in a bounded binary system, does kick velocity still play a role during merging
yes. the “kick” comes from momentum lost to gravitational waves
is the "kick" you meant the same kick during the pre-supernova?
No, the kick that is imparted by the supernova is the “natal kick”. The final merger remnant also gets a kick from the conversation of angular momentum after the merger
for example: https://arxiv.org/abs/1802.04276
cool thank you :D
I was wondering if you could expand on how deviations from GR searches are performed in LIGO.
why won't there is a head on collapseing,suppose a small BH is sucked to a galactic center..would there be a prturbation or wobling make GWS
Thanks for sharing the presentation Prof. Alan…It will be a good idea to have a folder in GitHub with all presentations, lots of details and additional resources sources in there. Thanks!
@Abhishek Yes, when a small black hole merges with a galactic center, this is called an extreme mass ratio inspiral. These types of systems emit GW’s at much lower frequencies than those probed by LIGO, and will be detectable by LISA, the space-based detector
Could you expand on how LIGO performs deviations from GR searches?
LIGO performs a number of tests of General relativity including looking for the alternative polarizations that Alan mentioned, calculating the speed of gravitational waves since they should travel at the speed of light if GR is correct, consistency tests looking at the estimated source parameters using different parts of the waveform in isolation like the inspiral and merger/ringdown, and also looking for deviations from the post-newtonian parameters used the describe the inspiral part of the waveform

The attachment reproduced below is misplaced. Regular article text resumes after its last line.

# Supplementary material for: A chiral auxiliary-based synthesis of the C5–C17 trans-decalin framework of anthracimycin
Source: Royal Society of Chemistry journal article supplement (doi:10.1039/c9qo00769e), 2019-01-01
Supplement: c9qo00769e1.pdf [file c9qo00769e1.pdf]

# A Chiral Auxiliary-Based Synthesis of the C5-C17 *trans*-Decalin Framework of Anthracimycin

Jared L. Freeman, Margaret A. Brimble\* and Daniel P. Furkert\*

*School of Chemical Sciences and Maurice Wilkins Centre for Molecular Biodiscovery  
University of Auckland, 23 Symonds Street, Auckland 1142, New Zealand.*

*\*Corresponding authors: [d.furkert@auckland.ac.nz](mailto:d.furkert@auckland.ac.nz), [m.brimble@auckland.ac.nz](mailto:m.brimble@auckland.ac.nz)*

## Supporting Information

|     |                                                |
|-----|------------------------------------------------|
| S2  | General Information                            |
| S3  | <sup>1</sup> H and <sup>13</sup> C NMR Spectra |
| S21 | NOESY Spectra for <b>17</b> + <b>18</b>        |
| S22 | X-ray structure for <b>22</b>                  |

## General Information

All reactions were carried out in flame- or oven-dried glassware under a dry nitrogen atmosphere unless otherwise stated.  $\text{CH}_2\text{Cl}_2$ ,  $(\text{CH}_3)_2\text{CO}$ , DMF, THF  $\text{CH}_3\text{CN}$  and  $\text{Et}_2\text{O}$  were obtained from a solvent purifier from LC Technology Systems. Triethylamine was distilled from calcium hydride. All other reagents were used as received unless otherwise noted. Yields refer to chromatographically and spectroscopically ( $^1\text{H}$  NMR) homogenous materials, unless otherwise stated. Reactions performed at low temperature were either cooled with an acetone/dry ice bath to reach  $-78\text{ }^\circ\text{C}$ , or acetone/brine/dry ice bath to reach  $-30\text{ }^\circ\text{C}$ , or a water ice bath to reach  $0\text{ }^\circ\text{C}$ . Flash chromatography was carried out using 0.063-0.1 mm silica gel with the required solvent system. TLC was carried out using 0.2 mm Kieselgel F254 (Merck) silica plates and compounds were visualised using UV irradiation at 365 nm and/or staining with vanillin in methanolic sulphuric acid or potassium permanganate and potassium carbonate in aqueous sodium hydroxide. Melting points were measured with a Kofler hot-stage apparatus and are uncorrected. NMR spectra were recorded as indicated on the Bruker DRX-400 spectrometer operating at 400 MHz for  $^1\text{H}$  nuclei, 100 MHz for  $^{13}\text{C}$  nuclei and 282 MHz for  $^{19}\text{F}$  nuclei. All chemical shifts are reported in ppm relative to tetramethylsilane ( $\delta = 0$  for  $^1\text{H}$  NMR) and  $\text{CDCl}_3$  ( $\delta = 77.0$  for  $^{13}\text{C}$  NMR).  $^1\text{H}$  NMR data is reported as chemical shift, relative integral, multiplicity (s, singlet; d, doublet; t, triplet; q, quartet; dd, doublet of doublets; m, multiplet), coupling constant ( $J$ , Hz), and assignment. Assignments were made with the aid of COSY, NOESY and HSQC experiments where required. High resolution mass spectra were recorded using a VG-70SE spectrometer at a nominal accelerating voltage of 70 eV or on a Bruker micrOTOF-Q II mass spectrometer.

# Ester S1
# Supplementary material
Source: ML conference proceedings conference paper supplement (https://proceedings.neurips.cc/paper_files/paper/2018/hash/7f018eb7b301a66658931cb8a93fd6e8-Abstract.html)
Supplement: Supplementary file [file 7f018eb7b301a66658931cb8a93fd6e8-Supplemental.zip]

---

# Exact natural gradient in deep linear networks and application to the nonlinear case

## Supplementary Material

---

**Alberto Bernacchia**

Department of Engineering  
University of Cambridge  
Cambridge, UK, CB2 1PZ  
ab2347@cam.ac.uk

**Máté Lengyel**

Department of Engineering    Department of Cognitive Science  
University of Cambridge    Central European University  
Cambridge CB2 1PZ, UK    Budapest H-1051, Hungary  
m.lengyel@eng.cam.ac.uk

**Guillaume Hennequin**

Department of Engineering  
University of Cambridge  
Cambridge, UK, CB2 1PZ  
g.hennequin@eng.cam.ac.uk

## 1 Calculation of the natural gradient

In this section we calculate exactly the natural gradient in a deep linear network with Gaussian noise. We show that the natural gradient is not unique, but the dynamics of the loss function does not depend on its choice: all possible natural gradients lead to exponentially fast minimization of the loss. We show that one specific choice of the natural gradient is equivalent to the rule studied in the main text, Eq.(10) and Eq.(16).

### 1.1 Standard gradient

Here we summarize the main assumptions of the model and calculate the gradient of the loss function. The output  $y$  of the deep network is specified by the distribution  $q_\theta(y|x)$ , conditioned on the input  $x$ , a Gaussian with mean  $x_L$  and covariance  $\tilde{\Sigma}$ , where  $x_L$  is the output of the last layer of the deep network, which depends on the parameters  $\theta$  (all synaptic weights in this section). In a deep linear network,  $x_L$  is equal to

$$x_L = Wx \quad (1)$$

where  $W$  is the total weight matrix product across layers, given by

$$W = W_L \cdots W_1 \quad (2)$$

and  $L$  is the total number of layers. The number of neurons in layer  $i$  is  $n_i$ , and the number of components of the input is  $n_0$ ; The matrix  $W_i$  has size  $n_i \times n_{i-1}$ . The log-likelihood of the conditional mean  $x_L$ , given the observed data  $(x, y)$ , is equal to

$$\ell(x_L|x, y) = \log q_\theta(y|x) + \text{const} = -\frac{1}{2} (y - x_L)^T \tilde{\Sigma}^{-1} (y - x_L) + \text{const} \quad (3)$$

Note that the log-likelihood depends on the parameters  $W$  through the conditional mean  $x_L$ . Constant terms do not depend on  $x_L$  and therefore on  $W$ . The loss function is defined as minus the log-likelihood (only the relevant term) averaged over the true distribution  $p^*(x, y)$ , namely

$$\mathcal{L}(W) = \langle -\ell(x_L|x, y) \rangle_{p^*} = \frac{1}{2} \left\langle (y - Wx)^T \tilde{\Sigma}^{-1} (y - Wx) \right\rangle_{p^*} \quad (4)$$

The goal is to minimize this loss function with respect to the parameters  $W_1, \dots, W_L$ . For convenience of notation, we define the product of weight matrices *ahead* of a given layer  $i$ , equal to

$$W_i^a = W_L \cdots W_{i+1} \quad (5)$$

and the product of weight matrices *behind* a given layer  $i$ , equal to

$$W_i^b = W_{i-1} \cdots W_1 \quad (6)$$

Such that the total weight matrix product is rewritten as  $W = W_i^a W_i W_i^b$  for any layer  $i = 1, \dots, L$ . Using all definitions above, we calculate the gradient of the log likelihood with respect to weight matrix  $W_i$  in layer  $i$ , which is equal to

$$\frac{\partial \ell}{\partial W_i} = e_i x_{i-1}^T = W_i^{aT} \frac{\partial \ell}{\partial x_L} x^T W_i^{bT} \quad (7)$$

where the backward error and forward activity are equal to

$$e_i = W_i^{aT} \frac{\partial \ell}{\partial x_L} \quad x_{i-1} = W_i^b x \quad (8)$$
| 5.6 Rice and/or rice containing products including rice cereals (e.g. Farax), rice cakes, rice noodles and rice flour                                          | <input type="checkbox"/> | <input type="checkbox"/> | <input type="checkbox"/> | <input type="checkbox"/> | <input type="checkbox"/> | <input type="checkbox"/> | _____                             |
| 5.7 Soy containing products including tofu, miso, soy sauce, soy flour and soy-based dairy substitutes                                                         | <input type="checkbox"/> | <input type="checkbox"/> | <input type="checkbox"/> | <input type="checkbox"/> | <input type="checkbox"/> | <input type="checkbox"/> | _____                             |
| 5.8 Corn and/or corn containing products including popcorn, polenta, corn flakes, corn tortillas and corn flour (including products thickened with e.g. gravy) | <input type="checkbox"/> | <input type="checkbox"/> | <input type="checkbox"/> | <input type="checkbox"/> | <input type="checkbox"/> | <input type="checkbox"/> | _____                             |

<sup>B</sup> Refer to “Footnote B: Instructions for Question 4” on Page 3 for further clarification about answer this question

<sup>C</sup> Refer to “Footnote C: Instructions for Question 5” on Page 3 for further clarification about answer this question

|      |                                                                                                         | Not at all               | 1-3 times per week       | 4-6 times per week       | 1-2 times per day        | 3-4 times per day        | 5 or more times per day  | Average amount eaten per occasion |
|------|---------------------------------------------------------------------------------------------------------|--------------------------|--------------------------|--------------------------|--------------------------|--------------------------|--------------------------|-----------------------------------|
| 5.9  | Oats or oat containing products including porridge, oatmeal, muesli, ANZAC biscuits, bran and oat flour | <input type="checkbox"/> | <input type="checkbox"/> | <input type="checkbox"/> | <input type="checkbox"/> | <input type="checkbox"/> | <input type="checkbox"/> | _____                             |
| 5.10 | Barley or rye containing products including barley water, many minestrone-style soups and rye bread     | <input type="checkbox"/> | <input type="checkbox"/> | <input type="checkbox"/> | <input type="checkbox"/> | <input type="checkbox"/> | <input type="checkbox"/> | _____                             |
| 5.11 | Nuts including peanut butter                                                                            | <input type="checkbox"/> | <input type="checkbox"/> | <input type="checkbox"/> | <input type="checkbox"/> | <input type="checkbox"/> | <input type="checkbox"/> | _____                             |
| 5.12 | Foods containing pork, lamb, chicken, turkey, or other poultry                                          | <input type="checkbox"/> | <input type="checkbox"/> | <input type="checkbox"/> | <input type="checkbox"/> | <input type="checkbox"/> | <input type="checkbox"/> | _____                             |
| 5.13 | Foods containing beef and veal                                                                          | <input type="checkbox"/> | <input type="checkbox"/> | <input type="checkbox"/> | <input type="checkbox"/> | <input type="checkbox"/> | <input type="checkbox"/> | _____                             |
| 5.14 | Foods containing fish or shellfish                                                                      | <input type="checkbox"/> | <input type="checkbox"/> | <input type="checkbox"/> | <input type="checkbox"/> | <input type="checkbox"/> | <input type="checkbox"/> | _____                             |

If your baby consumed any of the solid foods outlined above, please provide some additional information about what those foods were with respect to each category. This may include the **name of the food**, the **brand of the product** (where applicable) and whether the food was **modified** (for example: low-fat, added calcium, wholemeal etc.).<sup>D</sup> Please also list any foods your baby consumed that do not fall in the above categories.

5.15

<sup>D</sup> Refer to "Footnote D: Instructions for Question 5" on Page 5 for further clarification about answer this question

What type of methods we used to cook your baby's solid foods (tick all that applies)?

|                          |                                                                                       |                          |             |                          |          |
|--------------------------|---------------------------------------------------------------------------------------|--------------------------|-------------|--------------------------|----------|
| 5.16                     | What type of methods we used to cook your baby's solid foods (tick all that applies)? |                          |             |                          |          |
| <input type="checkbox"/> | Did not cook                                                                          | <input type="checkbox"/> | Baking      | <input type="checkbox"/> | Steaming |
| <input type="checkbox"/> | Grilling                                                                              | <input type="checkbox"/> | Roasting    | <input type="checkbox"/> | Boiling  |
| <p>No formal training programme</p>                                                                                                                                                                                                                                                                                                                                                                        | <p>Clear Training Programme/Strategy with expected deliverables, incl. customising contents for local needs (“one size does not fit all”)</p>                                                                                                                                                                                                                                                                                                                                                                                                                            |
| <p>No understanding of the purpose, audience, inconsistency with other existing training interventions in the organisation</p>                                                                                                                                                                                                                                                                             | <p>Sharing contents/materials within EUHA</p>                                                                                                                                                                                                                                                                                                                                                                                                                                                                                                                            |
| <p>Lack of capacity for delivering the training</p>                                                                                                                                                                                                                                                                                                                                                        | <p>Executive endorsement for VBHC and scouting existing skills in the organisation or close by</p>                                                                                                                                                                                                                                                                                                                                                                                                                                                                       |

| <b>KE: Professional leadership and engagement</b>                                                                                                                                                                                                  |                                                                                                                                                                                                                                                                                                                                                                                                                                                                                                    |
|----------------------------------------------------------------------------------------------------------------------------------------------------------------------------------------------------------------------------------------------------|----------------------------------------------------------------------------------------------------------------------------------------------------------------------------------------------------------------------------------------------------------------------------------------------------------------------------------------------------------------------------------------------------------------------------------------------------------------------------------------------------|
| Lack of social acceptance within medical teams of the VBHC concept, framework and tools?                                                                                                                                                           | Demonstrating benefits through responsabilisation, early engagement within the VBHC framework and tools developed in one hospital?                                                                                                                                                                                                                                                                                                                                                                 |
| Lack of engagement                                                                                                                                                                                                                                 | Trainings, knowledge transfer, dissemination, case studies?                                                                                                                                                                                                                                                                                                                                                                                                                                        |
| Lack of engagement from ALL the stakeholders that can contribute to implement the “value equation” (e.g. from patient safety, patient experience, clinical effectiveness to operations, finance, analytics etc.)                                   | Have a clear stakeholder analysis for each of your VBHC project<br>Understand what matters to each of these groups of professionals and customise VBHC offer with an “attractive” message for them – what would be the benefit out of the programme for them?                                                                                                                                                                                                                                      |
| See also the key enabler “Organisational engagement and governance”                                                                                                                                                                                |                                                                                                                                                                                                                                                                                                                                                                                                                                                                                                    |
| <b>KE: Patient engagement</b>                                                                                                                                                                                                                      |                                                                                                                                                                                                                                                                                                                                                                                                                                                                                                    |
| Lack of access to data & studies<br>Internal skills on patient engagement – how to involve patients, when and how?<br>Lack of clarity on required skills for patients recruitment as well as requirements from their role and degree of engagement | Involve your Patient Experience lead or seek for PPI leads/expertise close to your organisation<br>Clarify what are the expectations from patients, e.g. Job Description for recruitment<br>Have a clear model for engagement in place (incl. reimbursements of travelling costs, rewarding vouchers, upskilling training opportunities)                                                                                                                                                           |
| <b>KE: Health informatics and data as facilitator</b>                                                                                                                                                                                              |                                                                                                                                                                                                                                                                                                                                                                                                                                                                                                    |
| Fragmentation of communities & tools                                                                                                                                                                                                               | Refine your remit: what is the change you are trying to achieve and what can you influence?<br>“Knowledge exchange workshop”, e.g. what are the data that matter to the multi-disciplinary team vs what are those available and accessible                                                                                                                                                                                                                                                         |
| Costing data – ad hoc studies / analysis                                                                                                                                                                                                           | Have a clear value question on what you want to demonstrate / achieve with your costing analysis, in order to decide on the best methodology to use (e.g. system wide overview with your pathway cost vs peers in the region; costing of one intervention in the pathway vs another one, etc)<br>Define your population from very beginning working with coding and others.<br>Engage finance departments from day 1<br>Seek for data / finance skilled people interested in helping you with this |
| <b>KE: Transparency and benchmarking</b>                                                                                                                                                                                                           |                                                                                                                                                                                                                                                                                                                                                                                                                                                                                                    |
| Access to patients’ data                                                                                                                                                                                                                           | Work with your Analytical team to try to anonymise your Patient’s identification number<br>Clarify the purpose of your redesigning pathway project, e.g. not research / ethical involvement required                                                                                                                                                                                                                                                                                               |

And what are present days observational .results, even in low confidence level
Here is a good reference for the recent tests of GR that LIGO has performed https://arxiv.org/abs/1903.04467
Peter Saulson answers this question here
I know this paper. It seems to me that in it we already see deviation at low confidence level, but there are no such comments at all...
stationary on earth but still moving with a enormous around milkyway
pdf version: https://pdfs.semanticscholar.org/393a/af6b1ced305ee40d175d5f3c3a2b6020348d.pdf
I have a question: if derivation of waveforms is supposed to be hard (e.g. needs numerical relativity), how could we easily generate them with libraries like SEOBNR, Phenom etc.?
Thank you Sylvia and Gregory
The libraries like SEOB and Phenom are approximations based on the results of numerical relativity. Even with these approximations, the waveforms are extremely expensive to compute.
Phenom is much less expensive than SEOB. The SEOB waveforms are computed in the time domain by solving coupled differential eons, then you FFT them to get the freq domain waveform. Phenom, and NRSur, are computed quickly in the frequency domain
Many thanks Prof Weinstein!
The difficulty comes when “walking” through parameter space in an MCMC. There, you need to compute the waveforms maybe a million times. It can take hours or days.